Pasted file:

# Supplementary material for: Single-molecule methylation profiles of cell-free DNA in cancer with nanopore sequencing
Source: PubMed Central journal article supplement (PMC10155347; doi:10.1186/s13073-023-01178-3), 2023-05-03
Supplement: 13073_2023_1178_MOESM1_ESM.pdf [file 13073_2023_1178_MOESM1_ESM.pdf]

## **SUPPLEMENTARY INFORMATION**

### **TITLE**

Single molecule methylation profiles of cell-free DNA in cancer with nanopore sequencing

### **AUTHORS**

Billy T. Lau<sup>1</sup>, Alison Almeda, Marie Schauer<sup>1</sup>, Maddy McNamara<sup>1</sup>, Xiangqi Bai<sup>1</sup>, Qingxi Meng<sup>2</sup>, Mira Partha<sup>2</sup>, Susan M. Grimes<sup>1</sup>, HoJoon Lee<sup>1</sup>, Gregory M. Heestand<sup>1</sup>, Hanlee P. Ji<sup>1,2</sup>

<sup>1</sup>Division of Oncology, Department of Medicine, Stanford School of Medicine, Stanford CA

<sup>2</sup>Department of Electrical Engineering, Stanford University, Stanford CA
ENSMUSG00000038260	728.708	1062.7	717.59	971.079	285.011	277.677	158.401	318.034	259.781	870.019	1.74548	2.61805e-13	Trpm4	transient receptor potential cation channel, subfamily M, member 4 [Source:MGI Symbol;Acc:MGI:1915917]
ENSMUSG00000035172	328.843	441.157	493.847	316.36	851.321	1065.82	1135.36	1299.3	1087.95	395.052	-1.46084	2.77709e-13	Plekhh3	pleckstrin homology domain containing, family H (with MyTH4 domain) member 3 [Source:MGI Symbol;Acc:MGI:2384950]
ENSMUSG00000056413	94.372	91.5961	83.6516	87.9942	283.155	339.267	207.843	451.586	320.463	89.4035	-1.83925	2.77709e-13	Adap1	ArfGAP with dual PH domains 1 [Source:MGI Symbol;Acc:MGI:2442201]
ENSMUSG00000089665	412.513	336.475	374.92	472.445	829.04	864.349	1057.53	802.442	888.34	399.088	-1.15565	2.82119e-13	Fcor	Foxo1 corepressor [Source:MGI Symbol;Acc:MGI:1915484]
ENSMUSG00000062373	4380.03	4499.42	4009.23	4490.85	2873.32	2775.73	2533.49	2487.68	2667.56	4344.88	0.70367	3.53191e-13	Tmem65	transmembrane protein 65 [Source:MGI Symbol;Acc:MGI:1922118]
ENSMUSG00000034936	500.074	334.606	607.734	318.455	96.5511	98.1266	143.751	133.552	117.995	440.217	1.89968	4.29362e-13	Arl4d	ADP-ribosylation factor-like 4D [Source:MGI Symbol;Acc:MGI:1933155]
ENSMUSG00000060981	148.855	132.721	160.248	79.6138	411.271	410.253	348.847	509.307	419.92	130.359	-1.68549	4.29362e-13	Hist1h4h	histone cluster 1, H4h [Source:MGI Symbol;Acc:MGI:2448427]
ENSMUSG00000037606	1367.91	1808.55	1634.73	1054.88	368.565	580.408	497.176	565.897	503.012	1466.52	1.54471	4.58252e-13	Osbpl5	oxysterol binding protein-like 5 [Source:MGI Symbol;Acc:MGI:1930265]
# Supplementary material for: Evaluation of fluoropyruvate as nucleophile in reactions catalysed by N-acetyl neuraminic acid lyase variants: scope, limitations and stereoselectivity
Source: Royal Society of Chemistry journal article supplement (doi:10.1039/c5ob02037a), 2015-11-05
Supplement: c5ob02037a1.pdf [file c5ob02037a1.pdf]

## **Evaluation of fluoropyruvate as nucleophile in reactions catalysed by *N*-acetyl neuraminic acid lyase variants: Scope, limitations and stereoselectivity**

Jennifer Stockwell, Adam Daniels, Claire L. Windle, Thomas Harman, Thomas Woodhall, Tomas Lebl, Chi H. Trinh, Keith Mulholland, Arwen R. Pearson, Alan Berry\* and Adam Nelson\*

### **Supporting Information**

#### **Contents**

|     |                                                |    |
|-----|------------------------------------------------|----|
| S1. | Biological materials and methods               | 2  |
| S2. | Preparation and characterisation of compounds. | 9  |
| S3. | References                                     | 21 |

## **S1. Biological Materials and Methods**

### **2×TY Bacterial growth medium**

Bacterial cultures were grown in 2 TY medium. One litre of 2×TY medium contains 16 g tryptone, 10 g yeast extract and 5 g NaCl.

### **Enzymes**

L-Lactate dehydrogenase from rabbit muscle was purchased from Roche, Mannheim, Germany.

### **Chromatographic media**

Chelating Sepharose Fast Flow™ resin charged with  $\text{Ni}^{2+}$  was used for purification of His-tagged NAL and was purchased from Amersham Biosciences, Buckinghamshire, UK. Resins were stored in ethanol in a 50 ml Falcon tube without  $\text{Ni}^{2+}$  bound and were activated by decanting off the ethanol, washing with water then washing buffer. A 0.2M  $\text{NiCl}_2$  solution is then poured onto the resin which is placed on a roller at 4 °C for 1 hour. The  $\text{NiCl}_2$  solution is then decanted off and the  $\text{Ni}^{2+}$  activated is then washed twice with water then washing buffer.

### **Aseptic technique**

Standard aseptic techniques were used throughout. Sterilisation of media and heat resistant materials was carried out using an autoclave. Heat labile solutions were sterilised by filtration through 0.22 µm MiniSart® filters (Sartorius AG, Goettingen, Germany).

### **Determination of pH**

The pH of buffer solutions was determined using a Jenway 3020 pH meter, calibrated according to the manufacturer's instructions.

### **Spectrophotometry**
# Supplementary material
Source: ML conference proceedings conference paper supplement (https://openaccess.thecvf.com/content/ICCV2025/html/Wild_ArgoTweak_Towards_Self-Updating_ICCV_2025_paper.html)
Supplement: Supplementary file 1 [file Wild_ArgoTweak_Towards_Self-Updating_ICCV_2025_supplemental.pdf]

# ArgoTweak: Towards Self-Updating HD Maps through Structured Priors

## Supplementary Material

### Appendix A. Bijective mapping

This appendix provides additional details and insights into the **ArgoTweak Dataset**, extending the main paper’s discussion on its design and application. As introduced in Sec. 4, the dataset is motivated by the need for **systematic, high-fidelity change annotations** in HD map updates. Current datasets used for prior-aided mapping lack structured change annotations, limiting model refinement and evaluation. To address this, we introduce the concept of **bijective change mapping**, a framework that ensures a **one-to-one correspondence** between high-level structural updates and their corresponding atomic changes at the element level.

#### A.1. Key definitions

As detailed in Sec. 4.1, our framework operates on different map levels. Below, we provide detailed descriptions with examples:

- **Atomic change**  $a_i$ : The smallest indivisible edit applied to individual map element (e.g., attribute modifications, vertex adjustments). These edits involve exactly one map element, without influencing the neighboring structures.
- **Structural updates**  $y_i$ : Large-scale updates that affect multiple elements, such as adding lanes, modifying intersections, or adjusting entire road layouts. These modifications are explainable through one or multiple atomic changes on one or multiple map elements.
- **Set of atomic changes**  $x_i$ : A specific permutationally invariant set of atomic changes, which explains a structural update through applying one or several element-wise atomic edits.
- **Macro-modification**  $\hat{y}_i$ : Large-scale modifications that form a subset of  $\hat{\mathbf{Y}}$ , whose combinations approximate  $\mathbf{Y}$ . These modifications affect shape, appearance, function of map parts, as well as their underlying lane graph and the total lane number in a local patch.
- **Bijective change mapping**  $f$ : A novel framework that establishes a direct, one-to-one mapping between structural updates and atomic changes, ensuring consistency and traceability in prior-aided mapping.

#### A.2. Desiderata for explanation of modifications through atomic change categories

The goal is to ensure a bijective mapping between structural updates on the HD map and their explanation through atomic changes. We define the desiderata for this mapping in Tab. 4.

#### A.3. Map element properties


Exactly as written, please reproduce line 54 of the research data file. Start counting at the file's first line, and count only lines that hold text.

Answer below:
- **Set of atomic changes**  $x_i$ : A specific permutationally invariant set of atomic changes, which explains a structural update through applying one or several element-wise atomic edits.